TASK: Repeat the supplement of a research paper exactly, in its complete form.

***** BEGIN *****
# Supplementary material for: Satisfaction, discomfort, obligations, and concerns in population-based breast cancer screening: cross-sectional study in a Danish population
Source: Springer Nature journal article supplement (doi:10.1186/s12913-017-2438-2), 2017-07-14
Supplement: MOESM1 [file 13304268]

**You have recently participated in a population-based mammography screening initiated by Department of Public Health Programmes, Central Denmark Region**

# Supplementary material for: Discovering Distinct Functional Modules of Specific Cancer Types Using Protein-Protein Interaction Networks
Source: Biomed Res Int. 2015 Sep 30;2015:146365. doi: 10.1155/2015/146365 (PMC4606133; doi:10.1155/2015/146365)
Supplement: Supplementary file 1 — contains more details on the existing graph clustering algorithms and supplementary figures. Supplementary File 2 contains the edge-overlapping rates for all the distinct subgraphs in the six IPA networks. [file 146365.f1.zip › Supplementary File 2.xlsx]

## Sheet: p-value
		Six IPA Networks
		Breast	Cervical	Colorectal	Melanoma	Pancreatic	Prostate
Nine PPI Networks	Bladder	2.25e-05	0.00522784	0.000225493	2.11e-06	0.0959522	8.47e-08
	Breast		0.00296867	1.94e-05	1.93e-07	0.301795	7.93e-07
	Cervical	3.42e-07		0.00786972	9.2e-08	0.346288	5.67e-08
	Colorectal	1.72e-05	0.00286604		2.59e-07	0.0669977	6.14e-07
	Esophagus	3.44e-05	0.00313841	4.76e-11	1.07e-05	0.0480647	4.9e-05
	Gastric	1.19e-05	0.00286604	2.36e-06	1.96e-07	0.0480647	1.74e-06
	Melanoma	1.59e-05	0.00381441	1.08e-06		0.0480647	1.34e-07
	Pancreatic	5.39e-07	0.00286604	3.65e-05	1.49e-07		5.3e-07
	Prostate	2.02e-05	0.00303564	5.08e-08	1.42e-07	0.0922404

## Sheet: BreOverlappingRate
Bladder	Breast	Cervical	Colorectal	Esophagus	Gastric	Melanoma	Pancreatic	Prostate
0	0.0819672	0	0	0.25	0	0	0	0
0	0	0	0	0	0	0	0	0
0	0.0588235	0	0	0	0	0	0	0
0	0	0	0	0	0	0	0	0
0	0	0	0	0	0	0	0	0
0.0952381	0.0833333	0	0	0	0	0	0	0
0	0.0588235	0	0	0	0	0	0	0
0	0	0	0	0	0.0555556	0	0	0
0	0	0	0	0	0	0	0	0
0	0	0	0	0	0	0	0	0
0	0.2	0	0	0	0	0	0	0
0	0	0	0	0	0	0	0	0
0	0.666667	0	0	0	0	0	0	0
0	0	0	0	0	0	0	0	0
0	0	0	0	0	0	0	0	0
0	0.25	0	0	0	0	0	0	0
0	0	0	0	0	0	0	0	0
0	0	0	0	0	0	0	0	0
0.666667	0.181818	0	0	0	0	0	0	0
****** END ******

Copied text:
# Supplementary material for: Satisfaction, discomfort, obligations, and concerns in population-based breast cancer screening: cross-sectional study in a Danish population
Source: Springer Nature journal article supplement (doi:10.1186/s12913-017-2438-2), 2017-07-14
Supplement: MOESM1 [file 13304268]

**You have recently participated in a population-based mammography screening initiated by Department of Public Health Programmes, Central Denmark Region**

# Supplementary material for: Discovering Distinct Functional Modules of Specific Cancer Types Using Protein-Protein Interaction Networks
Source: Biomed Res Int. 2015 Sep 30;2015:146365. doi: 10.1155/2015/146365 (PMC4606133; doi:10.1155/2015/146365)
Supplement: Supplementary file 1 — contains more details on the existing graph clustering algorithms and supplementary figures. Supplementary File 2 contains the edge-overlapping rates for all the distinct subgraphs in the six IPA networks. [file 146365.f1.zip › Supplementary File 2.xlsx]

## Sheet: p-value
		Six IPA Networks
		Breast	Cervical	Colorectal	Melanoma	Pancreatic	Prostate
Nine PPI Networks	Bladder	2.25e-05	0.00522784	0.000225493	2.11e-06	0.0959522	8.47e-08
	Breast		0.00296867	1.94e-05	1.93e-07	0.301795	7.93e-07
	Cervical	3.42e-07		0.00786972	9.2e-08	0.346288	5.67e-08
	Colorectal	1.72e-05	0.00286604		2.59e-07	0.0669977	6.14e-07
	Esophagus	3.44e-05	0.00313841	4.76e-11	1.07e-05	0.0480647	4.9e-05
	Gastric	1.19e-05	0.00286604	2.36e-06	1.96e-07	0.0480647	1.74e-06
	Melanoma	1.59e-05	0.00381441	1.08e-06		0.0480647	1.34e-07
	Pancreatic	5.39e-07	0.00286604	3.65e-05	1.49e-07		5.3e-07
	Prostate	2.02e-05	0.00303564	5.08e-08	1.42e-07	0.0922404

## Sheet: BreOverlappingRate
Bladder	Breast	Cervical	Colorectal	Esophagus	Gastric	Melanoma	Pancreatic	Prostate
0	0.0819672	0	0	0.25	0	0	0	0
0	0	0	0	0	0	0	0	0
0	0.0588235	0	0	0	0	0	0	0
0	0	0	0	0	0	0	0	0
0	0	0	0	0	0	0	0	0
0.0952381	0.0833333	0	0	0	0	0	0	0
0	0.0588235	0	0	0	0	0	0	0
0	0	0	0	0	0.0555556	0	0	0
0	0	0	0	0	0	0	0	0
0	0	0	0	0	0	0	0	0
0	0.2	0	0	0	0	0	0	0
0	0	0	0	0	0	0	0	0
0	0.666667	0	0	0	0	0	0	0
0	0	0	0	0	0	0	0	0
0	0	0	0	0	0	0	0	0
0	0.25	0	0	0	0	0	0	0
0	0	0	0	0	0	0	0	0
0	0	0	0	0	0	0	0	0
0.666667	0.181818	0	0	0	0	0	0	0